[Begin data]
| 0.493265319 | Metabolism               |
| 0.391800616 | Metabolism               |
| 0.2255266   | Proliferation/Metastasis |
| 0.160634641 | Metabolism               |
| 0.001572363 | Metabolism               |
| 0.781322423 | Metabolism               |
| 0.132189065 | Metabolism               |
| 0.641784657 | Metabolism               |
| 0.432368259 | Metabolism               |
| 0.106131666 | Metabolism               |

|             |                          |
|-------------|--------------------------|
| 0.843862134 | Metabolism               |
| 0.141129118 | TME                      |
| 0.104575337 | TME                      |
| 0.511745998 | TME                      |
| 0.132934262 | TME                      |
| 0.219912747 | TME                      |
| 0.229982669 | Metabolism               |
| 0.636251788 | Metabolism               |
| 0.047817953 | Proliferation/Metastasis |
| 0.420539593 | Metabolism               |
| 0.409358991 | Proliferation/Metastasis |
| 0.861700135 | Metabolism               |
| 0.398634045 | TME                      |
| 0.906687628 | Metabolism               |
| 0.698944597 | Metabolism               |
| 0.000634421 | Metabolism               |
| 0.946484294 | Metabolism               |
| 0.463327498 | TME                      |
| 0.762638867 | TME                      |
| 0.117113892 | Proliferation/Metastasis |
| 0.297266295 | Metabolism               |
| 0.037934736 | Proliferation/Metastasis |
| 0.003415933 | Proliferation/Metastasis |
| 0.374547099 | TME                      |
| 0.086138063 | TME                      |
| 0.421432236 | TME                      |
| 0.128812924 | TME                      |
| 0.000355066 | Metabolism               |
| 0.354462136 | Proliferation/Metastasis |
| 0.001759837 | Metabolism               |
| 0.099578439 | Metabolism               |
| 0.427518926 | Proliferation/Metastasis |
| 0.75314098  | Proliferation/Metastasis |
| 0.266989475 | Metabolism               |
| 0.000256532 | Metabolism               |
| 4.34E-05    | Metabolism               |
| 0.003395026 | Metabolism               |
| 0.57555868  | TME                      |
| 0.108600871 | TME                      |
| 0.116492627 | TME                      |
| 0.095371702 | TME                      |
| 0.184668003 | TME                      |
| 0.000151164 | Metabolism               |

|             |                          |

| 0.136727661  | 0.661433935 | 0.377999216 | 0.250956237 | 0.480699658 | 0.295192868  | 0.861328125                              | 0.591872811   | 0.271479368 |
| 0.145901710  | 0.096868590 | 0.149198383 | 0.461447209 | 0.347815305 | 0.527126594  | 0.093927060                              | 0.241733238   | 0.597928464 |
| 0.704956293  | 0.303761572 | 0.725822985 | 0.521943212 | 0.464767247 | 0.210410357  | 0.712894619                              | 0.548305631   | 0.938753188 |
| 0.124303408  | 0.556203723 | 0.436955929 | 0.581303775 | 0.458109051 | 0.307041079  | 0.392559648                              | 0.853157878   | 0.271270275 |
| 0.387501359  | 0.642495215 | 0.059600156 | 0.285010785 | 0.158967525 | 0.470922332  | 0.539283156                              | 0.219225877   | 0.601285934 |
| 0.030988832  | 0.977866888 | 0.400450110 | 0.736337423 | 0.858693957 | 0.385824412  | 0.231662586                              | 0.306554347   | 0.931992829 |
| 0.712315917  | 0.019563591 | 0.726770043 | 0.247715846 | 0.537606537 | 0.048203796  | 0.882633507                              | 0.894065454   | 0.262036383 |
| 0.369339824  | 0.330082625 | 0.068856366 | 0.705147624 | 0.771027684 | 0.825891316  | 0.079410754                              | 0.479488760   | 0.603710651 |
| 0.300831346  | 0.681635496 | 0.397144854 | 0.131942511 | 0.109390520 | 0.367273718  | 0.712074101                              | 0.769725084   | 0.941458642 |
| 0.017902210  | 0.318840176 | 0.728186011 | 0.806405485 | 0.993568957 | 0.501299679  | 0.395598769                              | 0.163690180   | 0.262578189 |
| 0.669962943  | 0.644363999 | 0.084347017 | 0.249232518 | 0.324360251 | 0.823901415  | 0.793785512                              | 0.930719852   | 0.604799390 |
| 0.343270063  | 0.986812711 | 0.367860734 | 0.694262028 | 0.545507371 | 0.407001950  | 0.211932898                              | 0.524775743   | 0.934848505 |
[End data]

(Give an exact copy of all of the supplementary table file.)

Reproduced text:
| 0.493265319 | Metabolism               |
| 0.391800616 | Metabolism               |
| 0.2255266   | Proliferation/Metastasis |
| 0.160634641 | Metabolism               |
| 0.001572363 | Metabolism               |
| 0.781322423 | Metabolism               |
| 0.132189065 | Metabolism               |
| 0.641784657 | Metabolism               |
| 0.432368259 | Metabolism               |
| 0.106131666 | Metabolism               |

|             |                          |
|-------------|--------------------------|
| 0.843862134 | Metabolism               |
| 0.141129118 | TME                      |
| 0.104575337 | TME                      |
| 0.511745998 | TME                      |
| 0.132934262 | TME                      |
| 0.219912747 | TME                      |
| 0.229982669 | Metabolism               |
| 0.636251788 | Metabolism               |
| 0.047817953 | Proliferation/Metastasis |
| 0.420539593 | Metabolism               |
| 0.409358991 | Proliferation/Metastasis |
| 0.861700135 | Metabolism               |
| 0.398634045 | TME                      |
| 0.906687628 | Metabolism               |
| 0.698944597 | Metabolism               |
| 0.000634421 | Metabolism               |
| 0.946484294 | Metabolism               |
| 0.463327498 | TME                      |
| 0.762638867 | TME                      |
| 0.117113892 | Proliferation/Metastasis |
| 0.297266295 | Metabolism               |
| 0.037934736 | Proliferation/Metastasis |
| 0.003415933 | Proliferation/Metastasis |
| 0.374547099 | TME                      |
| 0.086138063 | TME                      |
| 0.421432236 | TME                      |
| 0.128812924 | TME                      |
| 0.000355066 | Metabolism               |
| 0.354462136 | Proliferation/Metastasis |
| 0.001759837 | Metabolism               |
| 0.099578439 | Metabolism               |
| 0.427518926 | Proliferation/Metastasis |
| 0.75314098  | Proliferation/Metastasis |
| 0.266989475 | Metabolism               |
| 0.000256532 | Metabolism               |
| 4.34E-05    | Metabolism               |
| 0.003395026 | Metabolism               |
| 0.57555868  | TME                      |
| 0.108600871 | TME                      |
| 0.116492627 | TME                      |
| 0.095371702 | TME                      |
| 0.184668003 | TME                      |
| 0.000151164 | Metabolism               |

|             |                          |

| 0.136727661  | 0.661433935 | 0.377999216 | 0.250956237 | 0.480699658 | 0.295192868  | 0.861328125                              | 0.591872811   | 0.271479368 |
| 0.145901710  | 0.096868590 | 0.149198383 | 0.461447209 | 0.347815305 | 0.527126594  | 0.093927060                              | 0.241733238   | 0.597928464 |
| 0.704956293  | 0.303761572 | 0.725822985 | 0.521943212 | 0.464767247 | 0.210410357  | 0.712894619                              | 0.548305631   | 0.938753188 |
| 0.124303408  | 0.556203723 | 0.436955929 | 0.581303775 | 0.458109051 | 0.307041079  | 0.392559648                              | 0.853157878   | 0.271270275 |
| 0.387501359  | 0.642495215 | 0.059600156 | 0.285010785 | 0.158967525 | 0.470922332  | 0.539283156                              | 0.219225877   | 0.601285934 |
| 0.030988832  | 0.977866888 | 0.400450110 | 0.736337423 | 0.858693957 | 0.385824412  | 0.231662586                              | 0.306554347   | 0.931992829 |
| 0.712315917  | 0.019563591 | 0.726770043 | 0.247715846 | 0.537606537 | 0.048203796  | 0.882633507                              | 0.894065454   | 0.262036383 |
| 0.369339824  | 0.330082625 | 0.068856366 | 0.705147624 | 0.771027684 | 0.825891316  | 0.079410754                              | 0.479488760   | 0.603710651 |
| 0.300831346  | 0.681635496 | 0.397144854 | 0.131942511 | 0.109390520 | 0.367273718  | 0.712074101                              | 0.769725084   | 0.941458642 |
| 0.017902210  | 0.318840176 | 0.728186011 | 0.806405485 | 0.993568957 | 0.501299679  | 0.395598769                              | 0.163690180   | 0.262578189 |
| 0.669962943  | 0.644363999 | 0.084347017 | 0.249232518 | 0.324360251 | 0.823901415  | 0.793785512                              | 0.930719852   | 0.604799390 |
| 0.343270063  | 0.986812711 | 0.367860734 | 0.694262028 | 0.545507371 | 0.407001950  | 0.211932898                              | 0.524775743   | 0.934848505 |